An internet search for "Arjen Robben cuts inside" produces more than two million items, one of them a recent tweet declaring: "That was the 10,000th time Robben has cut inside and shot with his left foot - so predictable".
Yet, when the Bayern Munich winger bears down the right in Saturday's Champions League final, Borussia Dortmund's defenders, if they follow in the misdirected footsteps of so many before them, will still, inexplicably, allow the Dutchman to switch the ball on to his favoured left foot and turn a usually benign situation into a potentially critical one.
Robben's right foot was once described as being "made of chocolate" by compatriot Johan Cruyff and is still so ineffective that any Sunday league full back, let alone the cream of the world's defenders, would know to focus their entire strategy on forcing him to use it.
Yet, time and time again, having feinted to go outside, Robben is somehow given the space to cut in. Too often the end result is that the ball sails into the top tier behind the goal but, as he has matured, the manoeuvre now more often leads to a dangerous pass or a fierce, left-footed, attempt on goal.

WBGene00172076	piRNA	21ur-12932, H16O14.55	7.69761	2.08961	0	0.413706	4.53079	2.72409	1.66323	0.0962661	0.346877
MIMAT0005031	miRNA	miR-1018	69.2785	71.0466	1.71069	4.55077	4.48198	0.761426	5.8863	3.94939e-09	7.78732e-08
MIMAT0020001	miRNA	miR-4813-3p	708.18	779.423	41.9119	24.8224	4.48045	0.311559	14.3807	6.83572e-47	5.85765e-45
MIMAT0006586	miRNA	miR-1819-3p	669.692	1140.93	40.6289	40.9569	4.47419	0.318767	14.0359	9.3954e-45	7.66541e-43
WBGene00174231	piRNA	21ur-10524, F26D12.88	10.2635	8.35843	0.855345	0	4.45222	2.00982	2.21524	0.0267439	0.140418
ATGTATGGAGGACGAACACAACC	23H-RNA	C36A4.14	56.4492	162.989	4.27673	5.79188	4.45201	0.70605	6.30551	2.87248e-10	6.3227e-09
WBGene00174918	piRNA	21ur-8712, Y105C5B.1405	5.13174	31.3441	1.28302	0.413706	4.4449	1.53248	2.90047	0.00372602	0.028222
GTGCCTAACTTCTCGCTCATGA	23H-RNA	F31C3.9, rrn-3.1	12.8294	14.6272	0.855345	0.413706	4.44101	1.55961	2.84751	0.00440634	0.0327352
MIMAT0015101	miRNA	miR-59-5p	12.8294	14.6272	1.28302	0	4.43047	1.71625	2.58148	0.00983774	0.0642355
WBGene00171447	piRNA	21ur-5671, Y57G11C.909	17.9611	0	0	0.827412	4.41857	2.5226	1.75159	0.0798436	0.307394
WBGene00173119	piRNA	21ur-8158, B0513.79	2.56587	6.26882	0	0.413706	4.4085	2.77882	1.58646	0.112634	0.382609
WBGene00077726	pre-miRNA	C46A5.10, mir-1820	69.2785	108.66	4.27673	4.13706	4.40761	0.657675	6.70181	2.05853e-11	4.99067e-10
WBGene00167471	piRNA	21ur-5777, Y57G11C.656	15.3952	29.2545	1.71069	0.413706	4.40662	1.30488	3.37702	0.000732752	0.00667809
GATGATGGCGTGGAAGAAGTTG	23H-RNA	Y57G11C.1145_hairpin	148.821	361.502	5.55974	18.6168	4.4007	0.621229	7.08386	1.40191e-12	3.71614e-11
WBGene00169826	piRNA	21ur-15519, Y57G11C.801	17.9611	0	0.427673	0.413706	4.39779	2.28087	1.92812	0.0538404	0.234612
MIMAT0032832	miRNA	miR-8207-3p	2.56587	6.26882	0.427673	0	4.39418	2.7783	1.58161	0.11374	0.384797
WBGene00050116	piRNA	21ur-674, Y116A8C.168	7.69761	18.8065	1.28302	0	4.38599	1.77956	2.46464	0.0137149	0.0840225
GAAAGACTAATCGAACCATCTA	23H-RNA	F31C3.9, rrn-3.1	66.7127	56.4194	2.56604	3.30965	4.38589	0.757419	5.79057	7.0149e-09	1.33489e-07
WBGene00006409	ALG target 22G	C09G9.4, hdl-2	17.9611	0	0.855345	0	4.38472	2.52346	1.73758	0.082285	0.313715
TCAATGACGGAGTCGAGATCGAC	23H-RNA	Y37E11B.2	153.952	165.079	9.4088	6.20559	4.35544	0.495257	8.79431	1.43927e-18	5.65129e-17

If the world's television watchers have managed to identify this familiar routine, then clearly leading coaches and players are aware of it too. So why is he still so often allowed to venture into the one place he wants to go instead of being ushered down a generally blind alley?
He has quick feet, wonderful control and critically explosive speed over the first two or three metres so that even when defenders are expecting the move they are sometimes unable to counter it, but there is very little deception about what he does.
‘Quick and clever’
The process leaves many experienced observers shaking their heads in frustration every time his all-too-familiar "trick" comes off. "If the defender is doing his job properly of course you can stop him cutting inside but they have to really concentrate because he is so quick and clever," said former England manager Terry Venables.
"Once he goes inside, the opposition are in danger — the secret is staying close."
Robben fans will point to the semi-final first-leg victory over Barcelona as evidence that he is not a one-trick pony, as he did indeed go past Jordi Alba on the outside. His performance will certainly be central to Bayern's prospects on Saturday, when the man marking him will be Marcel Schmelzer.
If the German international has done his homework and manages to keep Robben glued to his chocolate side then it could well be a sweet night for Dortmund.